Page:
Evenings are mix of cooking for the family, putting the kids(predlets) to bed, some gaming, heading to a Choi Kwang Do class or late night calls with US west coast for an interview or in Second Life.

However there is not start or end to a working day, a tweet on the way back form the school run may lead to something as much as a scheduled Skype call at 2pm. The emphasis is still on talking and sharing online.

10. Finally, give us a plug for Feeding Edge, who might I be if I were your customer and what might you be able to do for me?

Feeding Edge is a vehicle for people to get help from me, consulting or hands on development. As I say I am taking a bite out of technology so you don’t have to. All the years of experience with corporate tech and now several years out in the wild having to use what I talk about gives me a view on the world that many people don’t have time to consider, in person, in writing, on the TV, on stage, in the lab. I cover how technology feels and changes your life as much as the more obvious version x with version y tech.

In conferences I am usually the one put there to shake everybody up. So if you need a jolt of inspiration and a view of the future. well thats Feeding Edge and epredator. Cue show reels again ๐Ÿ™‚

Well that’s it from Ian again for now. It’s really good to hear him talking in a wider context again, reading about the mix of drawing inspiration from such a wide variety of sources is really refreshing. It’s certainly reminded me to go “heads up” more often than I generally manage to do, so easy is it to keep too narrow a view on your immediate work tasks.

Thanks Ian, it’s been a pleasure – as always!

Halving our electricity usage

I learnt something interesting today: between 2007 and 2011, we halved the amount of electricity we use in our house:

Total electricity usage per year (kWh)

In 2007, we used 6783 kWh of electricity (for electricity, a kilowatt hour is the same thing as a ‘unit’ on your bill). In 2011, by contrast, we used 3332 kWh (or ‘units’). 2007 was slightly on the high side (compared with 2006) because we had no gas fire in the living-room during the winter of 2006-7 so we’d used an electric oil heater during the coldest weeks (we don’t have central heating in that room) 1.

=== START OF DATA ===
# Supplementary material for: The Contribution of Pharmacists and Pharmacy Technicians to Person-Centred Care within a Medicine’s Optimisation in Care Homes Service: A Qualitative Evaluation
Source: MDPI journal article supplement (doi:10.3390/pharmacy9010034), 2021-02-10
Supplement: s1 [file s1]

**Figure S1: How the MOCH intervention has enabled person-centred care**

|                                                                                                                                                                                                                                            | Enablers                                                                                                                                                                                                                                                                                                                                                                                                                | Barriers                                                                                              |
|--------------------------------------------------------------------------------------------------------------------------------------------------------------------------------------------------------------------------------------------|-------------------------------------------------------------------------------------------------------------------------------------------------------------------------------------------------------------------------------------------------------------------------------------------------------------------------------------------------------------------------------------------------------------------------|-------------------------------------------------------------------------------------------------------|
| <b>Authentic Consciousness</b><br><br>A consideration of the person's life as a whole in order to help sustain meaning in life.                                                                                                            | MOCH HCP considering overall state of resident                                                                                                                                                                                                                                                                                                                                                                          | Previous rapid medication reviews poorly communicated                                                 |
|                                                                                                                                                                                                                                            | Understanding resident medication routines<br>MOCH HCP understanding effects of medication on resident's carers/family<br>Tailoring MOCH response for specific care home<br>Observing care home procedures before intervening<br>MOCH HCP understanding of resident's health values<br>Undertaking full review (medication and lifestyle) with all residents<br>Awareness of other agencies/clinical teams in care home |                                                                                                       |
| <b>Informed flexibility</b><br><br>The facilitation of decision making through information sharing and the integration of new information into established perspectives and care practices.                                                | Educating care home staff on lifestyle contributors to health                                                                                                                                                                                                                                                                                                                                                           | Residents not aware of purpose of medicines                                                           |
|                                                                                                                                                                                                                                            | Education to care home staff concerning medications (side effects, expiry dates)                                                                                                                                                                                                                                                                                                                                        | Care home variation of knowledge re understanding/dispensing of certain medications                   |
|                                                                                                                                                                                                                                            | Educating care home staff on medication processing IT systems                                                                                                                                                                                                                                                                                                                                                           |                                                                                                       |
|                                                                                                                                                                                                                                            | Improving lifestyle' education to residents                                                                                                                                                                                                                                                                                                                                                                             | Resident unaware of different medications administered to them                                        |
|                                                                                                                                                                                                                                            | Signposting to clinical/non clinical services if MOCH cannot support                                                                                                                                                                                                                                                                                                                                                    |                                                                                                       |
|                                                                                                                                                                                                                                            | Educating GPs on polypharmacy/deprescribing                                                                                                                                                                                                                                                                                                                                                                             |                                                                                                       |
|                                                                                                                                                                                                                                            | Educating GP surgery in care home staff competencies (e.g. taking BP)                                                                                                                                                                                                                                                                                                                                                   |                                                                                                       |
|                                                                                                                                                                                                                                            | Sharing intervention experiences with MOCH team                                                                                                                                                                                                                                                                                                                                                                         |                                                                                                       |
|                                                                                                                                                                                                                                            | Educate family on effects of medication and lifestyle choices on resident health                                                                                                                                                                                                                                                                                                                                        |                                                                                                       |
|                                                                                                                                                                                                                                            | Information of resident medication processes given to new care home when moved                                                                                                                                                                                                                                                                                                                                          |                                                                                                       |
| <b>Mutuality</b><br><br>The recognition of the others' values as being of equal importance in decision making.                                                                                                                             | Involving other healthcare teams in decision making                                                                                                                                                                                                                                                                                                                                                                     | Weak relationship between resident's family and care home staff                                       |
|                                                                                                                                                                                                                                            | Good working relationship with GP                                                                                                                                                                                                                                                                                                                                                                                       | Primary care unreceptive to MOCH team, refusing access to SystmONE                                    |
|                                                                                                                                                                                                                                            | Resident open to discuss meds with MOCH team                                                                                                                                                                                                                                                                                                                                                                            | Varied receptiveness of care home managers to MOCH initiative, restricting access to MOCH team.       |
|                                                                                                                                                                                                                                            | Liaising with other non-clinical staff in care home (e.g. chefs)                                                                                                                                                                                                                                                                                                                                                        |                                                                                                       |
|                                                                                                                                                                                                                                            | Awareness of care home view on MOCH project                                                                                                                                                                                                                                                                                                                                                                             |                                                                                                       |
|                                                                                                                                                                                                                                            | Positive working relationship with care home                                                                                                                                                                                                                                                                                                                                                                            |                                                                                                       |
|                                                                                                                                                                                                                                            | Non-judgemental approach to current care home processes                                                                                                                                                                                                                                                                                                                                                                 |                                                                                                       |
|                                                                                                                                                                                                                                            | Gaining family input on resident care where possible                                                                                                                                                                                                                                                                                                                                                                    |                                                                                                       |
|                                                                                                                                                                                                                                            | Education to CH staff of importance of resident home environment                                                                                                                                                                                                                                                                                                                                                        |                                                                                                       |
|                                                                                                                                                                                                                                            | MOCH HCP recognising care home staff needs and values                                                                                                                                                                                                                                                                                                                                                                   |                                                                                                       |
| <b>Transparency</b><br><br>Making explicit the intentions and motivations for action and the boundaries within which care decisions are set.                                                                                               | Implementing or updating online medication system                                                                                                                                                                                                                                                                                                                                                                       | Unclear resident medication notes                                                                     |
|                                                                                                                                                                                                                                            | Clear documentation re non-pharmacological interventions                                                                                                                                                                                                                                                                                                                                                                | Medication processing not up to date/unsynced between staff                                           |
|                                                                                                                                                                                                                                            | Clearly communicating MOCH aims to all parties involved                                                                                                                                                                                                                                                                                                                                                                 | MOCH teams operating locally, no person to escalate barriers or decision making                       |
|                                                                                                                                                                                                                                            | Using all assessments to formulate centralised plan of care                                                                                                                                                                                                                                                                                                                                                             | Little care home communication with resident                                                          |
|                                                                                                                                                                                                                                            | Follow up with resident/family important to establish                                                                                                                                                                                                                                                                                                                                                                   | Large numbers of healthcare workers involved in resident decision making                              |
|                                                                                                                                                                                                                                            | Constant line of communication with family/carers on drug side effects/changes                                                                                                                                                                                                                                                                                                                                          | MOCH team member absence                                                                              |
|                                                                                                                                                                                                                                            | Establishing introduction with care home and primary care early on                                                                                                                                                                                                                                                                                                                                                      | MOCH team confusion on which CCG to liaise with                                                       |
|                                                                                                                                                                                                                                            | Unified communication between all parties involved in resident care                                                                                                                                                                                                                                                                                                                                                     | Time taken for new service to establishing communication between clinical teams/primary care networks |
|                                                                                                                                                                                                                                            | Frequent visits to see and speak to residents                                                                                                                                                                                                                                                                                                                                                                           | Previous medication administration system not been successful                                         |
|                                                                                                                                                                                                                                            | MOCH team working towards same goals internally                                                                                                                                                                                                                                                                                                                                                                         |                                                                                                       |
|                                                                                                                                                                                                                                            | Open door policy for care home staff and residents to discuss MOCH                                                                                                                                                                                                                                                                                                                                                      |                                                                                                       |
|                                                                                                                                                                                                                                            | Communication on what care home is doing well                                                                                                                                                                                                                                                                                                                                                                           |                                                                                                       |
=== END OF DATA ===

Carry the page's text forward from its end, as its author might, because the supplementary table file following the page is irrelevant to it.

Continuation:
That’s an average of 19 kWh per day in 2007 compared with 9 kWh per day in 2011. Which is quite a difference. So what changed?

In early 2008, I got a plug-in Maplin meter (similar to this one) and one of the very early Current Cost monitors, which display in real-time how much electricity is being used in your whole house:

An classic Current Cost monitor

Aside from the fun of seeing the display numbers shoot up when we switched the kettle on, it informed us more usefully that when we went to bed at night or out to work, our house was still using about 350 Watts (which is 3066 kWh per year)2 of electricity. That’s when the house is pretty much doing nothing. Nothing, that is, apart from powering:

  • Fridge
  • Freezer
  • Boiler (gas combi boiler with an electricity supply)
  • Hob controls and clock
  • Microwave clock
  • Infrared outside light sensor
  • Print/file server (basically a PC)
  • Wireless access point
  • Firewall and Internet router
  • DAB clock radio
  • ADSL modem
  • MythTV box (homemade digital video recorder; basically another PC)

And that’s the thing, this ‘baseline’ often makes a lot of difference to how much electricity a house uses overall. 3066 kWh per year was 56% of 2007’s total electricity usage.

The first six items on that list draw less than 100 Watts (876 kWh per year) altogether. They’re the things that we can’t really switch off. But there were clearly things that we could do something about.